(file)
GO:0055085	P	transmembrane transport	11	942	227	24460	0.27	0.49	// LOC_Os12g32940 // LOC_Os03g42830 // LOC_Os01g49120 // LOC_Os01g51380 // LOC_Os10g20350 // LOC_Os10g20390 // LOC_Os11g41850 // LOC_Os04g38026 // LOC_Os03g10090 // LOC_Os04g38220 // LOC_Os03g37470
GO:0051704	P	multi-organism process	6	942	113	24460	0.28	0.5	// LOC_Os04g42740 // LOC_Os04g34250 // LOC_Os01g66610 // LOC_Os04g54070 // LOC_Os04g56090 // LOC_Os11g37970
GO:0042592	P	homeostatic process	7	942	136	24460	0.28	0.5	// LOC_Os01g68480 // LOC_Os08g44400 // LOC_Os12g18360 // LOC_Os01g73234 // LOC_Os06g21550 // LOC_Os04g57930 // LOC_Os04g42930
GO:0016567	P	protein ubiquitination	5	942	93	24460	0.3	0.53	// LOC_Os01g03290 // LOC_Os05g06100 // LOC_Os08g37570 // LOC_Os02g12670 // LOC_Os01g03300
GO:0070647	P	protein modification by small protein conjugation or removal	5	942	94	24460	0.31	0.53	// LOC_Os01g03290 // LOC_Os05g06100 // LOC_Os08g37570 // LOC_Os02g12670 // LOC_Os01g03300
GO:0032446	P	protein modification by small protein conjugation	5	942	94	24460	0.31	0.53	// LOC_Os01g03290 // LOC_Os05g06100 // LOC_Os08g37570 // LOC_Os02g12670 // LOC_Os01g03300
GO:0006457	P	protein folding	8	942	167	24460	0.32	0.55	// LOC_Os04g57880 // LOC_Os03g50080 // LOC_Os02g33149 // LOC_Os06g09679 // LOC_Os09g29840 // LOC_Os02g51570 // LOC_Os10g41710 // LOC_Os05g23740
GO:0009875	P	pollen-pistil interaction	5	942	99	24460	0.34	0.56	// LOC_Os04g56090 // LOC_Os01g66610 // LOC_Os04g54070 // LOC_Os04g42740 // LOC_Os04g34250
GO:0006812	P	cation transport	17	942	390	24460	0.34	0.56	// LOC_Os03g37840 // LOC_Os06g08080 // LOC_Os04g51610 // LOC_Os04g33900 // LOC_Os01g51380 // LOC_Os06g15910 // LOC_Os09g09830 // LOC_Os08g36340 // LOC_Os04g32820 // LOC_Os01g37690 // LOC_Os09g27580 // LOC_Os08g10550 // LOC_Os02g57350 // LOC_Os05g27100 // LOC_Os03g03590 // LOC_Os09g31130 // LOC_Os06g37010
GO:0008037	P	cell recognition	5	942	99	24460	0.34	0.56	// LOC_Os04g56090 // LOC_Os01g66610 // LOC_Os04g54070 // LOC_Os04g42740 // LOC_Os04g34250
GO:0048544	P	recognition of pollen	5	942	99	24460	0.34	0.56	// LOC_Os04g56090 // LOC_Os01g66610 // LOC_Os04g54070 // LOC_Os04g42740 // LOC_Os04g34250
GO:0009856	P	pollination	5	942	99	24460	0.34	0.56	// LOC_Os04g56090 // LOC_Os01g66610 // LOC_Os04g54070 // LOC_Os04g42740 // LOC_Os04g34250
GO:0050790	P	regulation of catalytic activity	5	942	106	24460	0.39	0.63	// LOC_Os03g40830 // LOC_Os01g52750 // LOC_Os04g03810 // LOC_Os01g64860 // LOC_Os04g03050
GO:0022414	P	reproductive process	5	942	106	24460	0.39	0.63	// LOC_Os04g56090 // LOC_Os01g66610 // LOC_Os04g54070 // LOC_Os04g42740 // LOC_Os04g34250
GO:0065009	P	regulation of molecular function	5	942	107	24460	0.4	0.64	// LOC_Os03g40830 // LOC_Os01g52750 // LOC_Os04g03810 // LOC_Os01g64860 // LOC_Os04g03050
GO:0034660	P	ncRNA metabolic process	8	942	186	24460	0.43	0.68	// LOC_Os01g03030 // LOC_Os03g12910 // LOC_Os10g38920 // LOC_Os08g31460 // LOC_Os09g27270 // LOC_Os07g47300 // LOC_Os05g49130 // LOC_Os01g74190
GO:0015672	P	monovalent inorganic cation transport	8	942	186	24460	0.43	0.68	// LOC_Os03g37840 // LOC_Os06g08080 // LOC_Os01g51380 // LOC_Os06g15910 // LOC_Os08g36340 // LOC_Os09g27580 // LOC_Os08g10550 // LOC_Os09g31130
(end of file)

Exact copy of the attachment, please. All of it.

GO:0055085	P	transmembrane transport	11	942	227	24460	0.27	0.49	// LOC_Os12g32940 // LOC_Os03g42830 // LOC_Os01g49120 // LOC_Os01g51380 // LOC_Os10g20350 // LOC_Os10g20390 // LOC_Os11g41850 // LOC_Os04g38026 // LOC_Os03g10090 // LOC_Os04g38220 // LOC_Os03g37470
GO:0051704	P	multi-organism process	6	942	113	24460	0.28	0.5	// LOC_Os04g42740 // LOC_Os04g34250 // LOC_Os01g66610 // LOC_Os04g54070 // LOC_Os04g56090 // LOC_Os11g37970
GO:0042592	P	homeostatic process	7	942	136	24460	0.28	0.5	// LOC_Os01g68480 // LOC_Os08g44400 // LOC_Os12g18360 // LOC_Os01g73234 // LOC_Os06g21550 // LOC_Os04g57930 // LOC_Os04g42930
GO:0016567	P	protein ubiquitination	5	942	93	24460	0.3	0.53	// LOC_Os01g03290 // LOC_Os05g06100 // LOC_Os08g37570 // LOC_Os02g12670 // LOC_Os01g03300
GO:0070647	P	protein modification by small protein conjugation or removal	5	942	94	24460	0.31	0.53	// LOC_Os01g03290 // LOC_Os05g06100 // LOC_Os08g37570 // LOC_Os02g12670 // LOC_Os01g03300
GO:0032446	P	protein modification by small protein conjugation	5	942	94	24460	0.31	0.53	// LOC_Os01g03290 // LOC_Os05g06100 // LOC_Os08g37570 // LOC_Os02g12670 // LOC_Os01g03300
GO:0006457	P	protein folding	8	942	167	24460	0.32	0.55	// LOC_Os04g57880 // LOC_Os03g50080 // LOC_Os02g33149 // LOC_Os06g09679 // LOC_Os09g29840 // LOC_Os02g51570 // LOC_Os10g41710 // LOC_Os05g23740
GO:0009875	P	pollen-pistil interaction	5	942	99	24460	0.34	0.56	// LOC_Os04g56090 // LOC_Os01g66610 // LOC_Os04g54070 // LOC_Os04g42740 // LOC_Os04g34250
GO:0006812	P	cation transport	17	942	390	24460	0.34	0.56	// LOC_Os03g37840 // LOC_Os06g08080 // LOC_Os04g51610 // LOC_Os04g33900 // LOC_Os01g51380 // LOC_Os06g15910 // LOC_Os09g09830 // LOC_Os08g36340 // LOC_Os04g32820 // LOC_Os01g37690 // LOC_Os09g27580 // LOC_Os08g10550 // LOC_Os02g57350 // LOC_Os05g27100 // LOC_Os03g03590 // LOC_Os09g31130 // LOC_Os06g37010
GO:0008037	P	cell recognition	5	942	99	24460	0.34	0.56	// LOC_Os04g56090 // LOC_Os01g66610 // LOC_Os04g54070 // LOC_Os04g42740 // LOC_Os04g34250
GO:0048544	P	recognition of pollen	5	942	99	24460	0.34	0.56	// LOC_Os04g56090 // LOC_Os01g66610 // LOC_Os04g54070 // LOC_Os04g42740 // LOC_Os04g34250
GO:0009856	P	pollination	5	942	99	24460	0.34	0.56	// LOC_Os04g56090 // LOC_Os01g66610 // LOC_Os04g54070 // LOC_Os04g42740 // LOC_Os04g34250
GO:0050790	P	regulation of catalytic activity	5	942	106	24460	0.39	0.63	// LOC_Os03g40830 // LOC_Os01g52750 // LOC_Os04g03810 // LOC_Os01g64860 // LOC_Os04g03050
GO:0022414	P	reproductive process	5	942	106	24460	0.39	0.63	// LOC_Os04g56090 // LOC_Os01g66610 // LOC_Os04g54070 // LOC_Os04g42740 // LOC_Os04g34250
GO:0065009	P	regulation of molecular function	5	942	107	24460	0.4	0.64	// LOC_Os03g40830 // LOC_Os01g52750 // LOC_Os04g03810 // LOC_Os01g64860 // LOC_Os04g03050
GO:0034660	P	ncRNA metabolic process	8	942	186	24460	0.43	0.68	// LOC_Os01g03030 // LOC_Os03g12910 // LOC_Os10g38920 // LOC_Os08g31460 // LOC_Os09g27270 // LOC_Os07g47300 // LOC_Os05g49130 // LOC_Os01g74190
GO:0015672	P	monovalent inorganic cation transport	8	942	186	24460	0.43	0.68	// LOC_Os03g37840 // LOC_Os06g08080 // LOC_Os01g51380 // LOC_Os06g15910 // LOC_Os08g36340 // LOC_Os09g27580 // LOC_Os08g10550 // LOC_Os09g31130